Humanity's evolution, relatively speaking, has been remarkably quick. Homo sapiens sapiens, the scientific name for modern humans, evolved 200,000 years ago, though the first of our evolutionary ancestors can be traced to 6 million years ago. The earth itself is 4.6 billion years old. Around 450 million years ago the first plant life sprouted. Our species is one of the newest on the planet. And our evolution has accelerated. Our ancestors may have invented boats 50,000 years ago, but it was not until the 1500s that trade and exploration went global. Sustained economic growth in the modern sense did not occur until the Industrial Revolution of the late 1700s to early 1800s. The World Wide Web was proposed by Tim Berners-Lee in 1989, and our world has changed enormously over the past few decades. Increasingly, we are living in an interconnected and transnational world. Facebook (2004), Twitter (2006) and Google (1998) have all become integral to everyday life over the past 15 years by allowing people to become more connected to their interests and each other, regardless of distance.
So where are we going? According to the animation studio Pixar, we are heading towards a period where robots will take care of every human need. The National Intelligence Council predicted in December that humans would become increasingly modified by technology in order to improve quality of life. The NIC also forecasted prosthetics; exoskeletons and implants were also predicted. It's not as far-fetched as it might seem. Artificial hearts (pacemakers) have been used on humans since the 1960. Research is being conducted into making prosthetic arms have feeling, a quality that would make artificial arms comparable to organic ones. On the implant front, the FDA recently approved a 3D-printed skull that would replace 75% of a patient's skull. When used in combination with stem cells, 3D printing technology may grant us the ability to replace whole limbs, and that technology may only be years away. According the NIC, the lines between organic and inorganic will become increasingly blurred.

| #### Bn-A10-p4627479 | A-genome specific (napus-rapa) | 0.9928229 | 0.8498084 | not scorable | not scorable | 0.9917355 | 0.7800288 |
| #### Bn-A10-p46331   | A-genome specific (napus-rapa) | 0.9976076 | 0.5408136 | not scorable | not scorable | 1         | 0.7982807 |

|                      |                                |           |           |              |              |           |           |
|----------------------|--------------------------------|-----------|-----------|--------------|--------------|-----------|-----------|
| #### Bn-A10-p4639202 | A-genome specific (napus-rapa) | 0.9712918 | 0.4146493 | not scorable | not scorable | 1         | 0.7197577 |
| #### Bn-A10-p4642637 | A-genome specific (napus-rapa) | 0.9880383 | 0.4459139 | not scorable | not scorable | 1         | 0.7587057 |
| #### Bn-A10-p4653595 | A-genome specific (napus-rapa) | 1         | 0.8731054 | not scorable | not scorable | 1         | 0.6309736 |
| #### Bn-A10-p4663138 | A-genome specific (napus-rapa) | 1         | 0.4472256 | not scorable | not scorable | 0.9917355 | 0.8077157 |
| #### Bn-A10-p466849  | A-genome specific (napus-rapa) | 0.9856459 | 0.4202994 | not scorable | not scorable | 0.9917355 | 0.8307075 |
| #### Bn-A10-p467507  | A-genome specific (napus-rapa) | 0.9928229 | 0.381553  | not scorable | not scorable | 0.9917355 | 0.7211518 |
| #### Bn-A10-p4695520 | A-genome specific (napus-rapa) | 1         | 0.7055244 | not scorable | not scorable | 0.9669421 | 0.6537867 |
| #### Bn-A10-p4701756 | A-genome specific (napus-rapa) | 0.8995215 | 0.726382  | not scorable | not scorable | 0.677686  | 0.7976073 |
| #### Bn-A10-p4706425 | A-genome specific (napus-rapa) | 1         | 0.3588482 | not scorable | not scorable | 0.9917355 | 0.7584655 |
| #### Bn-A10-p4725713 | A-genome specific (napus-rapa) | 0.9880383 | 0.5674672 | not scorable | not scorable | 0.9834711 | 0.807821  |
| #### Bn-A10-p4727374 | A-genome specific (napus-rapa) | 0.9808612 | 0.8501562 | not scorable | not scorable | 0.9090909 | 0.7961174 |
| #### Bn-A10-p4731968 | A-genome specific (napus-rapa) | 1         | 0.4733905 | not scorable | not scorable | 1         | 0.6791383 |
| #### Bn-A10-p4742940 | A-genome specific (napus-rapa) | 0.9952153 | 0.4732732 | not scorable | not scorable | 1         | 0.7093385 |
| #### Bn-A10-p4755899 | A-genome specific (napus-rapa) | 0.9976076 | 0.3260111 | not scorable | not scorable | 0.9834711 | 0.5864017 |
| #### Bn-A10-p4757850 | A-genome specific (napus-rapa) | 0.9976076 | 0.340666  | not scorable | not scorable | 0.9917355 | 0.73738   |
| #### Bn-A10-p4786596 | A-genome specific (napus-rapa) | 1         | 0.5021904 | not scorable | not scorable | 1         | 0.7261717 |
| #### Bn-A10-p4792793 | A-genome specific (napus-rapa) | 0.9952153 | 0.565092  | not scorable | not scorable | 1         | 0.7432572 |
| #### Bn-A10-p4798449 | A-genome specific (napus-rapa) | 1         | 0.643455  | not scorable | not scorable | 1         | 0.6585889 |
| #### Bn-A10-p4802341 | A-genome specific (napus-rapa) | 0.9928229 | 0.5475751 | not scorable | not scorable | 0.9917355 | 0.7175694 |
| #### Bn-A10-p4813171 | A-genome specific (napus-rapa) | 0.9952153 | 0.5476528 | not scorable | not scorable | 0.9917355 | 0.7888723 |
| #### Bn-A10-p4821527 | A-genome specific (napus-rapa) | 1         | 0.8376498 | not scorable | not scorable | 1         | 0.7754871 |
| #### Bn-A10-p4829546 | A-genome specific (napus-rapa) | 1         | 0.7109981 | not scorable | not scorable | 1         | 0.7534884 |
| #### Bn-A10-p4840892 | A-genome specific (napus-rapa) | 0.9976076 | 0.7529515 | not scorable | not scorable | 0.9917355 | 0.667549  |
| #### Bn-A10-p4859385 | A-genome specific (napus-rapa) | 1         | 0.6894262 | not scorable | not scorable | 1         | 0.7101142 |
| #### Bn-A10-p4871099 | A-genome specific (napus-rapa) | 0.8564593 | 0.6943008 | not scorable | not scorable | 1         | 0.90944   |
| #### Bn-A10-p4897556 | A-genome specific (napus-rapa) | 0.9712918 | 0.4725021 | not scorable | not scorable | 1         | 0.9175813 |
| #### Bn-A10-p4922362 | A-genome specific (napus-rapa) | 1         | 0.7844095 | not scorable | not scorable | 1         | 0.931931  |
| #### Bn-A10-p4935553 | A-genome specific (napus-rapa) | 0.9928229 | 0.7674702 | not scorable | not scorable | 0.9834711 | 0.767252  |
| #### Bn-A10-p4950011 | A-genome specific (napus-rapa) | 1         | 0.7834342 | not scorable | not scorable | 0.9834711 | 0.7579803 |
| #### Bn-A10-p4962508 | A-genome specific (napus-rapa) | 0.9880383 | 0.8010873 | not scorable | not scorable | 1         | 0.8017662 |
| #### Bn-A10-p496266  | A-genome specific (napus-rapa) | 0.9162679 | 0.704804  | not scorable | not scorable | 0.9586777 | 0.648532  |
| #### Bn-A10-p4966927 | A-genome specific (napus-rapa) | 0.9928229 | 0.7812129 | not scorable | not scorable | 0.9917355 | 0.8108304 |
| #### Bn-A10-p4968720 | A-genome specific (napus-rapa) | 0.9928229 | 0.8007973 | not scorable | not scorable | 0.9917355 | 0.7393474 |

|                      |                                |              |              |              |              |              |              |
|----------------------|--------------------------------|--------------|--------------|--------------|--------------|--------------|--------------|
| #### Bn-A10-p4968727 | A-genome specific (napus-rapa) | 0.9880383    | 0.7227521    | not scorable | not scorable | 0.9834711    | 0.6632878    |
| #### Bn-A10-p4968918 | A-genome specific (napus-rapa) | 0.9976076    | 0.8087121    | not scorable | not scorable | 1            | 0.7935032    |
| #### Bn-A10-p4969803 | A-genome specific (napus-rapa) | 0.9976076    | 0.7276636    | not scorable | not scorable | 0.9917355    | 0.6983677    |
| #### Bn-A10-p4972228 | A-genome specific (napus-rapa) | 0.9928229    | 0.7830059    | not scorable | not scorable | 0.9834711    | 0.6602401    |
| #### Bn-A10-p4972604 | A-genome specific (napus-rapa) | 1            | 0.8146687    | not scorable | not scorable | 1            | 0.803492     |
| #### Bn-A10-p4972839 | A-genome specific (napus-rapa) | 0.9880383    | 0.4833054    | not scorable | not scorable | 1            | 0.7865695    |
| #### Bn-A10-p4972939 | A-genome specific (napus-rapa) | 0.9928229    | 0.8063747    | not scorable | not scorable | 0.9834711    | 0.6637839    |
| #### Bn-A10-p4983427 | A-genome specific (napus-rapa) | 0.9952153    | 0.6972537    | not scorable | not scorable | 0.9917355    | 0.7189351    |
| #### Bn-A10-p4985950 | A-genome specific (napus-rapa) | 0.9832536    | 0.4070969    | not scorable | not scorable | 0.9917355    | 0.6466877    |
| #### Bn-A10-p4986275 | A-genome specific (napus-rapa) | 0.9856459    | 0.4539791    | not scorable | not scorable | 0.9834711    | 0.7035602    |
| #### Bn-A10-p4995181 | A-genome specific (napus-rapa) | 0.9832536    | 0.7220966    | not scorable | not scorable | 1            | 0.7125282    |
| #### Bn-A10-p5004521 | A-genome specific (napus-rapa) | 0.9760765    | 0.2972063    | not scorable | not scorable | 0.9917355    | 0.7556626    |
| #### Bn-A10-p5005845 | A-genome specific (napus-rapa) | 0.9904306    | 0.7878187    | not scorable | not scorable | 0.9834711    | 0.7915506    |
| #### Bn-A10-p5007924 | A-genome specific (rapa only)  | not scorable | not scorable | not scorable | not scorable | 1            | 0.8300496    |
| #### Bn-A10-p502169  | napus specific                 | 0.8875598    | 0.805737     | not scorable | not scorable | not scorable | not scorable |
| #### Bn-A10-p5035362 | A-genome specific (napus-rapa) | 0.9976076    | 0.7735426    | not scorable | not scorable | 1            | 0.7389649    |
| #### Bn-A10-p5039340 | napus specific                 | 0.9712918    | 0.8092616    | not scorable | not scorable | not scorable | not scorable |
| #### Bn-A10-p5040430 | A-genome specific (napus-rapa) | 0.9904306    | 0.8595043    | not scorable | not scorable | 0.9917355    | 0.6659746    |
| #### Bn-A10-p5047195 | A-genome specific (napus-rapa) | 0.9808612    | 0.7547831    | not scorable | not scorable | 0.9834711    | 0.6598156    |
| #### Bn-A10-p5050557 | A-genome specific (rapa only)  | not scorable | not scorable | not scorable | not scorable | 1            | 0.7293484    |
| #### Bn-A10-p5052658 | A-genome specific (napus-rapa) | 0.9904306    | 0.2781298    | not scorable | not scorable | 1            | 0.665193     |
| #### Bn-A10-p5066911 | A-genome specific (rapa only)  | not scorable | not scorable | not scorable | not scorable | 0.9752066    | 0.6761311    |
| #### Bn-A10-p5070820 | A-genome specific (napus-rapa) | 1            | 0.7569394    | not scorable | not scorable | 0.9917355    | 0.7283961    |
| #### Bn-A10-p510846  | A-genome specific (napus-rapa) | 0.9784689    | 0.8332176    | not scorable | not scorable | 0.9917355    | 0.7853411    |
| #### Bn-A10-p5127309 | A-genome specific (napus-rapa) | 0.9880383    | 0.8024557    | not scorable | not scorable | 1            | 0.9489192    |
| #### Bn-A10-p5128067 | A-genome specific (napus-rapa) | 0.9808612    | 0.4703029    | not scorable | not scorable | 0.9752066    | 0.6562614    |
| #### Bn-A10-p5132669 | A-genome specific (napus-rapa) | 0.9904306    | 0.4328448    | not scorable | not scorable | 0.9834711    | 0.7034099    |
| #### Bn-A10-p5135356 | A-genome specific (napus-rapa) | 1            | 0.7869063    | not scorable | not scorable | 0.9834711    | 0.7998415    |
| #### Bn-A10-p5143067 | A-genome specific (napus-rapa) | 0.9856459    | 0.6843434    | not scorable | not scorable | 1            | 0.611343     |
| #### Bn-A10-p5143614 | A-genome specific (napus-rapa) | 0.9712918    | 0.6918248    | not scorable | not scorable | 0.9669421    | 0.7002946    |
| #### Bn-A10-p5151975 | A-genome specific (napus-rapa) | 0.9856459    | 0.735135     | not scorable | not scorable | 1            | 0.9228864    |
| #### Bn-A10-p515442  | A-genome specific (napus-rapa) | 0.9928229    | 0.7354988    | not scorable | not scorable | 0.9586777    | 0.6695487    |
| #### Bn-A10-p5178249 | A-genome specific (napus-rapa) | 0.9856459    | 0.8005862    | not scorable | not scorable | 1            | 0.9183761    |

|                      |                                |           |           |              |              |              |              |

Our cells are also being explored for their technological potential. DNA (or biomolecular) computing is one area being explored to increase computing power and the understanding of the human body. Theoretically, biomolecular computing would allow scientists to build more powerful computers at a fraction of the size using biologically derived molecules. Potentially these computers would be able to self-assemble. In 2013, scientists have been able to store information such as photographs and Shakespearean sonnets within DNA digital storage as well as created a biological transistor. In computers a transistor control a circuit by regulating the flow of electrons. By making a biological transistor the team at Stanford has taken a major step towards creating a computer inside a living cell.
Technology is progressing by leaps and bounds before our very eyes. Through implants, prosthetics, and biomolecular computing allows science to improve the quality of human life. Indicators suggest that these progressions will allow limb replacements and self-replicating computers to become the standard. It is an exciting future we face with science fiction turning into reality; one that may be far closer that we thought.